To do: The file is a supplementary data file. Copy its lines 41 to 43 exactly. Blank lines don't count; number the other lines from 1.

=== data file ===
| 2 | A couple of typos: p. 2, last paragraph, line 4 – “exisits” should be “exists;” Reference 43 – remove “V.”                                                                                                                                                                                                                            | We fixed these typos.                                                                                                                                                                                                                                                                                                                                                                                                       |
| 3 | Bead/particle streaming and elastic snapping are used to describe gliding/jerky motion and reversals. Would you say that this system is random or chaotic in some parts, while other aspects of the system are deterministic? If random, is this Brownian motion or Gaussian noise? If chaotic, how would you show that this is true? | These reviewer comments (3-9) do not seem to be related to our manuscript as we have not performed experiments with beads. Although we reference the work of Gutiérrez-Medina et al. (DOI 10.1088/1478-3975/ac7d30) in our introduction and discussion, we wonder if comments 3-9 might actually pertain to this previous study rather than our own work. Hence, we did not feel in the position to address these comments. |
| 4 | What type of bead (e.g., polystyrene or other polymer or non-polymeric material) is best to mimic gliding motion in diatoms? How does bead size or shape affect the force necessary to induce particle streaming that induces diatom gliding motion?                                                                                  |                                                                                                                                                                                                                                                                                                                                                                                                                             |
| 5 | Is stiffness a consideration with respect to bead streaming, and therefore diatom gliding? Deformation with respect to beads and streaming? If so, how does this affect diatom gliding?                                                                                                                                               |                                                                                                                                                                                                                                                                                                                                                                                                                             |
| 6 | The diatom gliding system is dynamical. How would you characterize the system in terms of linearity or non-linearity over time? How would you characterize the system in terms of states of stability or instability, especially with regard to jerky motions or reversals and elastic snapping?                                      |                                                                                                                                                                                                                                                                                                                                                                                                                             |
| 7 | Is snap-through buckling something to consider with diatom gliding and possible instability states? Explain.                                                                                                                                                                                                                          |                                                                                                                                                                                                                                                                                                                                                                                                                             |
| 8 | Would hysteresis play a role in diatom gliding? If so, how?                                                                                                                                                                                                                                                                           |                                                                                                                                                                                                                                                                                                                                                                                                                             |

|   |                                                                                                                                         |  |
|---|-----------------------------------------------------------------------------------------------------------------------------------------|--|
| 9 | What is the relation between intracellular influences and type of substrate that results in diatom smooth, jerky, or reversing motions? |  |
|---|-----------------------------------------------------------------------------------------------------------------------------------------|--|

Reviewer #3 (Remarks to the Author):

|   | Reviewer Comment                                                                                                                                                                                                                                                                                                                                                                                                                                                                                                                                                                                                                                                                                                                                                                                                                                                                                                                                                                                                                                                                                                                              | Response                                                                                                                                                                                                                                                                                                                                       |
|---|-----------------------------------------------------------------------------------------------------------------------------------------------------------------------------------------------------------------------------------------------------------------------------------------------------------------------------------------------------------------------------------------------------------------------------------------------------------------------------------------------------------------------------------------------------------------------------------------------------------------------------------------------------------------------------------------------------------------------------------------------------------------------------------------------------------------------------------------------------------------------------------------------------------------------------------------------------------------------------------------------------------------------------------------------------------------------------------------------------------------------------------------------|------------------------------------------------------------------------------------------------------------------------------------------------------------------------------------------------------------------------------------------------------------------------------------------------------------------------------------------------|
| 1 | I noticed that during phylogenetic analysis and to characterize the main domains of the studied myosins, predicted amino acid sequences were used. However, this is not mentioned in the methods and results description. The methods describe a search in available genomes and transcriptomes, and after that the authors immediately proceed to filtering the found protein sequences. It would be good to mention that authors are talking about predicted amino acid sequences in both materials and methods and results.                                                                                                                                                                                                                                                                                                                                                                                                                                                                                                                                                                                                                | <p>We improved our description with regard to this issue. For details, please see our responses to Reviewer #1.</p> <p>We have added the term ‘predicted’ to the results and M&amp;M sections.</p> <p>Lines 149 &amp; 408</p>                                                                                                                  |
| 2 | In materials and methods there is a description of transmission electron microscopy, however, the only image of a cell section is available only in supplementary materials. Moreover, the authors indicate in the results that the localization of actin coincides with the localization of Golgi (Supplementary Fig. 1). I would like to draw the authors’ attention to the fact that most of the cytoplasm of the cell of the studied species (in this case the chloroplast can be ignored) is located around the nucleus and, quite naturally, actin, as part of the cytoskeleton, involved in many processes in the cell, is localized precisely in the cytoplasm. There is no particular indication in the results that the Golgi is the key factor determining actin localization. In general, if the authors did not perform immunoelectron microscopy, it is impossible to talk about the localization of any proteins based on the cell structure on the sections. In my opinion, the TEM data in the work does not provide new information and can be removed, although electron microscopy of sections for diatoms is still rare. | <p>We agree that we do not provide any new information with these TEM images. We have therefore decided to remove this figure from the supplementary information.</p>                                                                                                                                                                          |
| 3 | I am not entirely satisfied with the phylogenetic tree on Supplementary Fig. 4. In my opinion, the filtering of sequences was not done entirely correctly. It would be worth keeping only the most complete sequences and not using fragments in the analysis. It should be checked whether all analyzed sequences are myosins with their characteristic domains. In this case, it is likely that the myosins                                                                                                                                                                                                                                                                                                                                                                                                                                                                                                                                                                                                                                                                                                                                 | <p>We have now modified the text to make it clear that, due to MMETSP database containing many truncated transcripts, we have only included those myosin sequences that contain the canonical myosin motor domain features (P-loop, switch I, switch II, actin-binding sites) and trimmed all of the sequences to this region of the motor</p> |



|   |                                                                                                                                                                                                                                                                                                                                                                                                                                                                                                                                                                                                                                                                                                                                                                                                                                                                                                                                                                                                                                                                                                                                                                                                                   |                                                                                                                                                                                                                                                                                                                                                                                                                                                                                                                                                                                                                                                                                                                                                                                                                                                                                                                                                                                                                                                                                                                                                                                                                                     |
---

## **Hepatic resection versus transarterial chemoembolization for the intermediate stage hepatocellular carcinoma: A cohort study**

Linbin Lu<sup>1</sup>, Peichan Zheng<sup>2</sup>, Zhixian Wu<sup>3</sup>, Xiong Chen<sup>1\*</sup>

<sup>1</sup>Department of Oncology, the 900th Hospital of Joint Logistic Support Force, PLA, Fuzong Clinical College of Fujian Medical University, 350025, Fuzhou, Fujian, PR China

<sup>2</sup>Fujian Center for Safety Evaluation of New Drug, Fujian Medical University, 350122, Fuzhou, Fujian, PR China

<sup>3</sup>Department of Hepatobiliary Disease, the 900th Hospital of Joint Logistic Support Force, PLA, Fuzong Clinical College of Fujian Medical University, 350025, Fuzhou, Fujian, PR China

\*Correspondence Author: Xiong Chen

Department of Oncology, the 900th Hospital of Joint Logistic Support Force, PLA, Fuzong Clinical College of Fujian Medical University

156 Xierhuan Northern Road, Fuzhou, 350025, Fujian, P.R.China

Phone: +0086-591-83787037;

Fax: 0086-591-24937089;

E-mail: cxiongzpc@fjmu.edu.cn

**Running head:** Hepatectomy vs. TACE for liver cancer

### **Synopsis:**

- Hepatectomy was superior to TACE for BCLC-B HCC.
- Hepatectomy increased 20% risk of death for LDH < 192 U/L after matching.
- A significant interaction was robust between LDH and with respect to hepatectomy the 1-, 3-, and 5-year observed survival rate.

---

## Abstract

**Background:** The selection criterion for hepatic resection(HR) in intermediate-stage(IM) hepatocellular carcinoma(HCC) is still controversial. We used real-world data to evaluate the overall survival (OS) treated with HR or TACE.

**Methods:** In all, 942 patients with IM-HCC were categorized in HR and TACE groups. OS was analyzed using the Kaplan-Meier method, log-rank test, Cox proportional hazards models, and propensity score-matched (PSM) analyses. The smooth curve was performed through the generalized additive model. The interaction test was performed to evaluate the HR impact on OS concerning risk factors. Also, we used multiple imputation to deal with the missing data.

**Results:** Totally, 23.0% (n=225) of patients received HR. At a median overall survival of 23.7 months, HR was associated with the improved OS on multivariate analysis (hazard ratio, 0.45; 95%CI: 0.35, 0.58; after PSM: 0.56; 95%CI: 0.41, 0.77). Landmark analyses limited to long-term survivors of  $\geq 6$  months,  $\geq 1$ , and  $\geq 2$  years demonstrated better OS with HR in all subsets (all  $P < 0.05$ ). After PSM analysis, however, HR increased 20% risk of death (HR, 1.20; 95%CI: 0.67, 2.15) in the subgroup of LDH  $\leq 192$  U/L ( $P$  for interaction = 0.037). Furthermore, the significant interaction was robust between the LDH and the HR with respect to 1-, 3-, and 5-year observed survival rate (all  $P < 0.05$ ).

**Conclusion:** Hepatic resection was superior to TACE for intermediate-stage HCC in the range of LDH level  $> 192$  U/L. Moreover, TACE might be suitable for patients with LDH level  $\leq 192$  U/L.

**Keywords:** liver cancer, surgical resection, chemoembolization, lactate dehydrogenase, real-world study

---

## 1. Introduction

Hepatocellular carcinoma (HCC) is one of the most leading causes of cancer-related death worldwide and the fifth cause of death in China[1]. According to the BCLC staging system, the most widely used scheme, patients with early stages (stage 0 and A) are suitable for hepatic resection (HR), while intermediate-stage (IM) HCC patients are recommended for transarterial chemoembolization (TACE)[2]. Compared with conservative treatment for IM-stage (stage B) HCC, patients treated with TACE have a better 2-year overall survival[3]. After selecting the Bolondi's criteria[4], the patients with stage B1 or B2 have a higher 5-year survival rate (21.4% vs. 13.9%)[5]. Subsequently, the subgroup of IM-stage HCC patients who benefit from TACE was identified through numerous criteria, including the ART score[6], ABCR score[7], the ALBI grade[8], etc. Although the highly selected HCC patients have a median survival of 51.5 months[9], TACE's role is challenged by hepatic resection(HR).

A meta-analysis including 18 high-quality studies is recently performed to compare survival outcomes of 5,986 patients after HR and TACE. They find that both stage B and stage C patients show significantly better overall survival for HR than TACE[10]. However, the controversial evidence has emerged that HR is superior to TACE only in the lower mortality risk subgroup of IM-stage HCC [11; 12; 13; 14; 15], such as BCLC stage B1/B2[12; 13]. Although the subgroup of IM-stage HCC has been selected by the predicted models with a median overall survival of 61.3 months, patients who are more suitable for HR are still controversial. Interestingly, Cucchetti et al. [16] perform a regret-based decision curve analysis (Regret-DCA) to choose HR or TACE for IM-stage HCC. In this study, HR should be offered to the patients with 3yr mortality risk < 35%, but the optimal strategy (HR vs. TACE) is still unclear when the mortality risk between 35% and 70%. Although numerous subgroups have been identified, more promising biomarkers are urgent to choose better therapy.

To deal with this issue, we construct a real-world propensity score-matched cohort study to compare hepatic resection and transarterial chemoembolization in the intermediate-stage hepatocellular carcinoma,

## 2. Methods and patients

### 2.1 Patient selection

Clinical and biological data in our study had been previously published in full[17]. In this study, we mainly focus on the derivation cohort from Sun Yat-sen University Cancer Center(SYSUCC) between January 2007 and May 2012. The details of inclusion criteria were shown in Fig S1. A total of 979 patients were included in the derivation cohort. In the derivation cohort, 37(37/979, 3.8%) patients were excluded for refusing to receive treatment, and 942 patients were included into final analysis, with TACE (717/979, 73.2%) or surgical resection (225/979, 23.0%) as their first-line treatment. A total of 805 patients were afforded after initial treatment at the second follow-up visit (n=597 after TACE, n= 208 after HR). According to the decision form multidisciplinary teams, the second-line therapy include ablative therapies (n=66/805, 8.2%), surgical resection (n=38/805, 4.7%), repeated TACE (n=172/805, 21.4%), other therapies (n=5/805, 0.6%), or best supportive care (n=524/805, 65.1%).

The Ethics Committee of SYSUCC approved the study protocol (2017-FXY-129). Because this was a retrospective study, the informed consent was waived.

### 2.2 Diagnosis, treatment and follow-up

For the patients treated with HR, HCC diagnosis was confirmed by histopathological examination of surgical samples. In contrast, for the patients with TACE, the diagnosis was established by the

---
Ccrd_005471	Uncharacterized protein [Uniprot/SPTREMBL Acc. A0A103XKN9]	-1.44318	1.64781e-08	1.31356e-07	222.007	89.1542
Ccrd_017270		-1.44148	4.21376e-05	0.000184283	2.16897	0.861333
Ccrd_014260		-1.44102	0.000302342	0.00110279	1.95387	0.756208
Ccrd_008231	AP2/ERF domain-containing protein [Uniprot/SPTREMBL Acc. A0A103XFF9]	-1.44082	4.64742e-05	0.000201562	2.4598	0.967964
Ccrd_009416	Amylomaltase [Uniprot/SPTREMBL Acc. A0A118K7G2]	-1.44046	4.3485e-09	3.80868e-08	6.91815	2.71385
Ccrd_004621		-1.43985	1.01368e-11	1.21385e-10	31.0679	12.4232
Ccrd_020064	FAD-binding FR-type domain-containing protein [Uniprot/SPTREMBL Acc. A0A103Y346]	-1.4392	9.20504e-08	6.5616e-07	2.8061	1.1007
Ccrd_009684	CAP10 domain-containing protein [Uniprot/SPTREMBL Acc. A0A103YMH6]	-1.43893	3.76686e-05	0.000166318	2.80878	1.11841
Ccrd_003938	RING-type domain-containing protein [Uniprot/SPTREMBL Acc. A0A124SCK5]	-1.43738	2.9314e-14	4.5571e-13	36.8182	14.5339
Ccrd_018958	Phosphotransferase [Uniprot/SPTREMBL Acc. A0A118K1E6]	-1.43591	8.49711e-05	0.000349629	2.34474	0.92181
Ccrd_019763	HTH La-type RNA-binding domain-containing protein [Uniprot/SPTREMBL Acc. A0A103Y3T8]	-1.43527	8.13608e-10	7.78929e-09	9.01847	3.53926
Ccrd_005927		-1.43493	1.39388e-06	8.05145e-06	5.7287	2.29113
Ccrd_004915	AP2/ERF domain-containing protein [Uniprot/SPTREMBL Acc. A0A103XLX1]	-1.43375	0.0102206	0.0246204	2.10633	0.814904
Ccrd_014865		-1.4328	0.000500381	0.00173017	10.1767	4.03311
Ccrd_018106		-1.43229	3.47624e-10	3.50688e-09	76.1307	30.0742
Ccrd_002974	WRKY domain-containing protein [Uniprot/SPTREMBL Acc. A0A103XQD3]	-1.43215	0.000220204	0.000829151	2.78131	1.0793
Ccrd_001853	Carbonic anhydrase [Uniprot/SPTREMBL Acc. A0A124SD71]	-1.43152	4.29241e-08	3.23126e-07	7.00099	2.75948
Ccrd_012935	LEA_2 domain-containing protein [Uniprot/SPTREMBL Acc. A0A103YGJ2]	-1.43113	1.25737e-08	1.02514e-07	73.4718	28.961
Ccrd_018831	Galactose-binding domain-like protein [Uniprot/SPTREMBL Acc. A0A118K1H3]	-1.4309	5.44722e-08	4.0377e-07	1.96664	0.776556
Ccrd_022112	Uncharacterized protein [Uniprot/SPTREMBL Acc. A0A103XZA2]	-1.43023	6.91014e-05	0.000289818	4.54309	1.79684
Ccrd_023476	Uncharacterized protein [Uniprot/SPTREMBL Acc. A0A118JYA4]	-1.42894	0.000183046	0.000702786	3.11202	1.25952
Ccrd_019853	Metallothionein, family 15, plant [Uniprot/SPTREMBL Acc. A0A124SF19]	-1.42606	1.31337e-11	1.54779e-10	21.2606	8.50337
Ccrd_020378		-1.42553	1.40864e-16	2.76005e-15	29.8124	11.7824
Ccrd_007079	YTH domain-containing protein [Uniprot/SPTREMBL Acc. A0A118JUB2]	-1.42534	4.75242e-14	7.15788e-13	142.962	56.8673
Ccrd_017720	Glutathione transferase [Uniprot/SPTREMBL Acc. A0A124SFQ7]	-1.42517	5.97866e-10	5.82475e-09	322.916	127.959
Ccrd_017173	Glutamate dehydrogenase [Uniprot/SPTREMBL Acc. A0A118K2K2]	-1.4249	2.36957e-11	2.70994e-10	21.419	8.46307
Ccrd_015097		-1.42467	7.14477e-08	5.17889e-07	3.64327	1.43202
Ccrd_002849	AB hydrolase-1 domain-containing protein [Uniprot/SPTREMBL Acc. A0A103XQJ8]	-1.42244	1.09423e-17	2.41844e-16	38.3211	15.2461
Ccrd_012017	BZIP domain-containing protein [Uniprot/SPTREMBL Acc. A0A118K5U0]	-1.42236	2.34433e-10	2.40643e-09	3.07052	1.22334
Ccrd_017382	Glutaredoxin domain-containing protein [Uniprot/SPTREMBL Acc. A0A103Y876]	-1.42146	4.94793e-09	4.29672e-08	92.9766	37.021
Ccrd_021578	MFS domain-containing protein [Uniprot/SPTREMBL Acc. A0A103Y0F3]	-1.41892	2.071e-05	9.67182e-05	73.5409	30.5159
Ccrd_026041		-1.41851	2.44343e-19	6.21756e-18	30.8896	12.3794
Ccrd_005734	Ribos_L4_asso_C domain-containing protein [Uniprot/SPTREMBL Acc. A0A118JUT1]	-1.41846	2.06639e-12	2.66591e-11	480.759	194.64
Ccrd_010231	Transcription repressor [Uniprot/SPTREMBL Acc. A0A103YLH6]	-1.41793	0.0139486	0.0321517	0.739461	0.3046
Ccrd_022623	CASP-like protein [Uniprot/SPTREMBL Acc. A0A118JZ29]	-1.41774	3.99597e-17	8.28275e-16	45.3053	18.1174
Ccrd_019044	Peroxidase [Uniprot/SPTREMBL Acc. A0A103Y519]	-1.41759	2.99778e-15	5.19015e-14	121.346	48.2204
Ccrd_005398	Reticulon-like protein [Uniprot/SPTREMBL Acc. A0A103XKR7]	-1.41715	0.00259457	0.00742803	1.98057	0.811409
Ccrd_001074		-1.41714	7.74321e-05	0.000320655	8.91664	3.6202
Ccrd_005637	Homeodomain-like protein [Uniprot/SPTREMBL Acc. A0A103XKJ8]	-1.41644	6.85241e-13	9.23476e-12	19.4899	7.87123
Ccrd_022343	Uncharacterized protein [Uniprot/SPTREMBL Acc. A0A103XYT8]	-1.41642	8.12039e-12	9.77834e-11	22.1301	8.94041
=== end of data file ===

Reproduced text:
**Conclusion:** Hepatic resection was superior to TACE for intermediate-stage HCC in the range of LDH level  $> 192$  U/L. Moreover, TACE might be suitable for patients with LDH level  $\leq 192$  U/L.

**Keywords:** liver cancer, surgical resection, chemoembolization, lactate dehydrogenase, real-world study

---